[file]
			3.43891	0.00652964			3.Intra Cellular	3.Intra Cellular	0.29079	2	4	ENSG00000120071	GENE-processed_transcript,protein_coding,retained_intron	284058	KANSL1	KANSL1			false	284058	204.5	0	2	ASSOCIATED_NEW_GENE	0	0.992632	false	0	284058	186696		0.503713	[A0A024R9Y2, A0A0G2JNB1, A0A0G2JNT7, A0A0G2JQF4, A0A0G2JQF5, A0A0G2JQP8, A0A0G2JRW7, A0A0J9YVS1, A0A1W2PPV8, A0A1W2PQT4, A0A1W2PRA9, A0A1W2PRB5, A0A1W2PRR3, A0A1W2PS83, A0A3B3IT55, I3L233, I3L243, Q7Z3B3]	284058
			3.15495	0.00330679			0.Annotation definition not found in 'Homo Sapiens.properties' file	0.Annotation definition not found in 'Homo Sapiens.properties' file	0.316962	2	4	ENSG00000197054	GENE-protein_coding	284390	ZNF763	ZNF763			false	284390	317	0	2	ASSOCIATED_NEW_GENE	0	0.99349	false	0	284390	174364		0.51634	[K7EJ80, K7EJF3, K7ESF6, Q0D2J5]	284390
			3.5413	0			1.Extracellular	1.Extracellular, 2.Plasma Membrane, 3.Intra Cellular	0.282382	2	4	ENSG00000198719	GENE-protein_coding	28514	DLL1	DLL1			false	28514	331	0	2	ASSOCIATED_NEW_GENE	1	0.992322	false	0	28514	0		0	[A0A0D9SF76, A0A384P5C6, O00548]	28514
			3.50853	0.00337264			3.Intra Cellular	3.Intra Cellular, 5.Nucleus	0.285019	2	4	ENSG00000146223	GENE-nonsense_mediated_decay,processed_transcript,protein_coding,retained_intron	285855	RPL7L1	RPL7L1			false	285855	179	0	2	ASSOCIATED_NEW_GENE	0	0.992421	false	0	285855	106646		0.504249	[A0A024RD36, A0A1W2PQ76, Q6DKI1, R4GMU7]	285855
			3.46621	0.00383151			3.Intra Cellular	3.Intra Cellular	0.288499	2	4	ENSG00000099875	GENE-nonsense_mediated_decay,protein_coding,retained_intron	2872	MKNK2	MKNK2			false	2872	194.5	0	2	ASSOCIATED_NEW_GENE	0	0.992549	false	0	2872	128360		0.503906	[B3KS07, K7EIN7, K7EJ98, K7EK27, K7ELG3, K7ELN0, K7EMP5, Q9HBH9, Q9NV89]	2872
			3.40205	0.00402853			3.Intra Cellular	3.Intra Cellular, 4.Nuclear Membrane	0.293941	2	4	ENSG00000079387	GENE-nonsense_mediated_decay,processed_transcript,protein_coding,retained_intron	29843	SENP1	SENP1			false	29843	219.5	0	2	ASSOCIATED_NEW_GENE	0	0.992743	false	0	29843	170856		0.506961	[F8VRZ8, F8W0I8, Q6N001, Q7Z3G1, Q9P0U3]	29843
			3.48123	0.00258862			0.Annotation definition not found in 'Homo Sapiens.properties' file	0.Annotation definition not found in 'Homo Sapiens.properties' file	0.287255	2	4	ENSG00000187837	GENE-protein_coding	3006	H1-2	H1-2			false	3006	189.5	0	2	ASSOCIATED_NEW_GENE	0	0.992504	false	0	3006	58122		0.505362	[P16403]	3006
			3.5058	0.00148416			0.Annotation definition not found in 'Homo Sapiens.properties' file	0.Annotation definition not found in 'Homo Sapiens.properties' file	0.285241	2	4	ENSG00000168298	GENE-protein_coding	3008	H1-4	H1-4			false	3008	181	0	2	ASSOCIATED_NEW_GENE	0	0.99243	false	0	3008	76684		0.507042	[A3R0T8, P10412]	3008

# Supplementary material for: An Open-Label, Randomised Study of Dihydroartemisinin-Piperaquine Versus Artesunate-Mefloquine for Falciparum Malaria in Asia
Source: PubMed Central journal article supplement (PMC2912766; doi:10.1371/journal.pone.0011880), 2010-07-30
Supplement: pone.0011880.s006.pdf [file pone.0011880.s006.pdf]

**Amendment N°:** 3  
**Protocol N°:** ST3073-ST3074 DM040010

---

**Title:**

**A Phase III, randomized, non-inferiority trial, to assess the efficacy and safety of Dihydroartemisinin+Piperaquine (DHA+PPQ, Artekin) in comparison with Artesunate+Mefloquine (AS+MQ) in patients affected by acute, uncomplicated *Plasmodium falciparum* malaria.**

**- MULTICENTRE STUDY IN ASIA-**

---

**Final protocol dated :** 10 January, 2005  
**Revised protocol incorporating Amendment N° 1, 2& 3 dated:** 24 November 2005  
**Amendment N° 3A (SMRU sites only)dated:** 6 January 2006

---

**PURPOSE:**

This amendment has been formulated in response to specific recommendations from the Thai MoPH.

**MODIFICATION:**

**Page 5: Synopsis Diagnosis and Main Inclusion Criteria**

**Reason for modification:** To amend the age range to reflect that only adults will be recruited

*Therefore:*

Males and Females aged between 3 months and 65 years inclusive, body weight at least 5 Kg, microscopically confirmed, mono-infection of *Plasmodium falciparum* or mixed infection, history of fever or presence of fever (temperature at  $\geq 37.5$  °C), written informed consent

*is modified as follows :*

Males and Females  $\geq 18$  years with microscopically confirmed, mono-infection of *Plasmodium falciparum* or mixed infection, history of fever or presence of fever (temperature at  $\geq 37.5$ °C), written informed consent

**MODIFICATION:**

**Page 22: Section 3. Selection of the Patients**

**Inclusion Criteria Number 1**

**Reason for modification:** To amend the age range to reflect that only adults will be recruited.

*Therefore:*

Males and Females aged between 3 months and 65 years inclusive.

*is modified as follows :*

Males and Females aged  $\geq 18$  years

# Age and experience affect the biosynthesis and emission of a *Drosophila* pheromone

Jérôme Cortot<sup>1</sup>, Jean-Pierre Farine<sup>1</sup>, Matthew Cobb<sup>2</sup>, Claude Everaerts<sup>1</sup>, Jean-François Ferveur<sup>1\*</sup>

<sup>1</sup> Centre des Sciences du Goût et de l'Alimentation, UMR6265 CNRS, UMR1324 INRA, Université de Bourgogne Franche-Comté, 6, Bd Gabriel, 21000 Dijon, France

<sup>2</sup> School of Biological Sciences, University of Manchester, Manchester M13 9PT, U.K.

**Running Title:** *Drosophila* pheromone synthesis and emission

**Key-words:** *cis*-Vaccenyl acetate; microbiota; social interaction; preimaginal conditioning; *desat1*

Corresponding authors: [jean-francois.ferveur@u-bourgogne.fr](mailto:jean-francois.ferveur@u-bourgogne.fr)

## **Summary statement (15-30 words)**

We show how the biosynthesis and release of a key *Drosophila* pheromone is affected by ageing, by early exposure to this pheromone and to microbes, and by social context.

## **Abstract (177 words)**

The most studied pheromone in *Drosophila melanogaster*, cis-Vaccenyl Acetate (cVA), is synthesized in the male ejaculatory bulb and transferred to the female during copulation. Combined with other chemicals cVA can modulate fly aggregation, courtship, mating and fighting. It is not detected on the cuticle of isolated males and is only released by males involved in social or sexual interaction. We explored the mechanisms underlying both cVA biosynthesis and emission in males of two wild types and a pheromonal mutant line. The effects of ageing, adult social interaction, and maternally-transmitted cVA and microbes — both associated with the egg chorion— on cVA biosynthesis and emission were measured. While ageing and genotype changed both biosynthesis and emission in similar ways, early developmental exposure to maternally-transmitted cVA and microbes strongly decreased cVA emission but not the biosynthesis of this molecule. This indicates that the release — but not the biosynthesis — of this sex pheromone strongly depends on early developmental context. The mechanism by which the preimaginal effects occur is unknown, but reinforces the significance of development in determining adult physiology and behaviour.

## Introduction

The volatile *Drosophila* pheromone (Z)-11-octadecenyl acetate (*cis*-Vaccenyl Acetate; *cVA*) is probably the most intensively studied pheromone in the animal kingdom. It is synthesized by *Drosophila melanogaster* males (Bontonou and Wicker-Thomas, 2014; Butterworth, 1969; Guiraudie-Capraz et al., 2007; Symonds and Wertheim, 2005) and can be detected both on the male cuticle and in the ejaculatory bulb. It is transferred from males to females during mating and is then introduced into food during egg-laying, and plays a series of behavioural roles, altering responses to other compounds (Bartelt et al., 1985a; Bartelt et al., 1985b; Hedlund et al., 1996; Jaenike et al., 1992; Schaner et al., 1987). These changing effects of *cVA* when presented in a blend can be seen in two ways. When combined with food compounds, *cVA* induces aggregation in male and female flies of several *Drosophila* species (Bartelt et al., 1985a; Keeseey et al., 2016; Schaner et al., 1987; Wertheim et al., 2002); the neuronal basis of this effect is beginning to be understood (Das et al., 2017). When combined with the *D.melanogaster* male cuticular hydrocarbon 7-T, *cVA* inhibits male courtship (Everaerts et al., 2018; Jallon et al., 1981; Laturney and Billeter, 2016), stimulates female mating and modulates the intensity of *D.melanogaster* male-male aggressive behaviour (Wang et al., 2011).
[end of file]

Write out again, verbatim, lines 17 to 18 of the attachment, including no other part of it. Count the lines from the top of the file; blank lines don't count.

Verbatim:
**- MULTICENTRE STUDY IN ASIA-**

---